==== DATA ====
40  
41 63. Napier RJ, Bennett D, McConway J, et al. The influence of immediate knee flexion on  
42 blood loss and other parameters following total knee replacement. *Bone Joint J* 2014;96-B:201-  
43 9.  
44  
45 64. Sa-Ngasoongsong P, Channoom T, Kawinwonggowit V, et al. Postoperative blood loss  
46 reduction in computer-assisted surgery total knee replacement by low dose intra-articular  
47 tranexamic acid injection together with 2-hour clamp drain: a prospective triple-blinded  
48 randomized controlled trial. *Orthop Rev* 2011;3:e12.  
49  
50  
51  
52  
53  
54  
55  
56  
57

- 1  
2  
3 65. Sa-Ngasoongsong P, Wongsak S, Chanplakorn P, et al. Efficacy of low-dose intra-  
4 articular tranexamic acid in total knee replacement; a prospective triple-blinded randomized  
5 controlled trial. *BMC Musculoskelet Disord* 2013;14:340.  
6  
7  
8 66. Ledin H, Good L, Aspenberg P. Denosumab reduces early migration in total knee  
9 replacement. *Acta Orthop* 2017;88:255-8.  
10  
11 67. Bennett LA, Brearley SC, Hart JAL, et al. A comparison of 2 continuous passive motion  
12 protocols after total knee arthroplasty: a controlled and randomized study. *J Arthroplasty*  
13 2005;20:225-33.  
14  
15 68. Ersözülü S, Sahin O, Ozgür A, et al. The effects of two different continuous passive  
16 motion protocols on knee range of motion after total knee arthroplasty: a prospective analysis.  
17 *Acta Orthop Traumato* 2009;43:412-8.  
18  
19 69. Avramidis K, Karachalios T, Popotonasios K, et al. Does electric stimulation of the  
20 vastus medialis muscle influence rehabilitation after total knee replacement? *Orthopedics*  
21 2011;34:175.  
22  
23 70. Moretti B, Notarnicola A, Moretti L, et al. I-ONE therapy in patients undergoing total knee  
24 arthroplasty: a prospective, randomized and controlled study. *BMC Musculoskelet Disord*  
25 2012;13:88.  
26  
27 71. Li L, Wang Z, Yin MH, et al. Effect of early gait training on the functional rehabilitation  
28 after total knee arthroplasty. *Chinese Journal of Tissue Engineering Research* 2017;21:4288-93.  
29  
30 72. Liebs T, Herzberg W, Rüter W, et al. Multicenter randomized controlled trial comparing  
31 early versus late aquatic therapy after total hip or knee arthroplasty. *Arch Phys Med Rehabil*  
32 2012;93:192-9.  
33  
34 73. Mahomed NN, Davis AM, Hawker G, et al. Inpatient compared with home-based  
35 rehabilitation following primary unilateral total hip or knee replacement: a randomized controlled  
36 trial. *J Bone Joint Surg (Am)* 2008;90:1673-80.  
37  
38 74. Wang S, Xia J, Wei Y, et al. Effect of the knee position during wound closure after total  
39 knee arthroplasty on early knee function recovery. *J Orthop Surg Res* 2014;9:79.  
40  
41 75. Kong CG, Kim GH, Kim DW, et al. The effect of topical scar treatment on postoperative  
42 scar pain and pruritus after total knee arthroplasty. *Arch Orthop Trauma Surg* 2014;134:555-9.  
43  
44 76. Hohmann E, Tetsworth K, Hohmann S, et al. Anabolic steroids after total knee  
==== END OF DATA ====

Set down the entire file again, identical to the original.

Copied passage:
40  
41 63. Napier RJ, Bennett D, McConway J, et al. The influence of immediate knee flexion on  
42 blood loss and other parameters following total knee replacement. *Bone Joint J* 2014;96-B:201-  
43 9.  
44  
45 64. Sa-Ngasoongsong P, Channoom T, Kawinwonggowit V, et al. Postoperative blood loss  
46 reduction in computer-assisted surgery total knee replacement by low dose intra-articular  
47 tranexamic acid injection together with 2-hour clamp drain: a prospective triple-blinded  
48 randomized controlled trial. *Orthop Rev* 2011;3:e12.  
49  
50  
51  
52  
53  
54  
55  
56  
57

- 1  
2  
3 65. Sa-Ngasoongsong P, Wongsak S, Chanplakorn P, et al. Efficacy of low-dose intra-  
4 articular tranexamic acid in total knee replacement; a prospective triple-blinded randomized  
5 controlled trial. *BMC Musculoskelet Disord* 2013;14:340.  
6  
7  
8 66. Ledin H, Good L, Aspenberg P. Denosumab reduces early migration in total knee  
9 replacement. *Acta Orthop* 2017;88:255-8.  
10  
11 67. Bennett LA, Brearley SC, Hart JAL, et al. A comparison of 2 continuous passive motion  
12 protocols after total knee arthroplasty: a controlled and randomized study. *J Arthroplasty*  
13 2005;20:225-33.  
14  
15 68. Ersözülü S, Sahin O, Ozgür A, et al. The effects of two different continuous passive  
16 motion protocols on knee range of motion after total knee arthroplasty: a prospective analysis.  
17 *Acta Orthop Traumato* 2009;43:412-8.  
18  
19 69. Avramidis K, Karachalios T, Popotonasios K, et al. Does electric stimulation of the  
20 vastus medialis muscle influence rehabilitation after total knee replacement? *Orthopedics*  
21 2011;34:175.  
22  
23 70. Moretti B, Notarnicola A, Moretti L, et al. I-ONE therapy in patients undergoing total knee  
24 arthroplasty: a prospective, randomized and controlled study. *BMC Musculoskelet Disord*  
25 2012;13:88.  
26  
27 71. Li L, Wang Z, Yin MH, et al. Effect of early gait training on the functional rehabilitation  
28 after total knee arthroplasty. *Chinese Journal of Tissue Engineering Research* 2017;21:4288-93.  
29  
30 72. Liebs T, Herzberg W, Rüter W, et al. Multicenter randomized controlled trial comparing  
31 early versus late aquatic therapy after total hip or knee arthroplasty. *Arch Phys Med Rehabil*  
32 2012;93:192-9.  
33  
34 73. Mahomed NN, Davis AM, Hawker G, et al. Inpatient compared with home-based  
35 rehabilitation following primary unilateral total hip or knee replacement: a randomized controlled  
36 trial. *J Bone Joint Surg (Am)* 2008;90:1673-80.  
37  
38 74. Wang S, Xia J, Wei Y, et al. Effect of the knee position during wound closure after total  
39 knee arthroplasty on early knee function recovery. *J Orthop Surg Res* 2014;9:79.  
40  
41 75. Kong CG, Kim GH, Kim DW, et al. The effect of topical scar treatment on postoperative  
42 scar pain and pruritus after total knee arthroplasty. *Arch Orthop Trauma Surg* 2014;134:555-9.  
43  
44 76. Hohmann E, Tetsworth K, Hohmann S, et al. Anabolic steroids after total knee  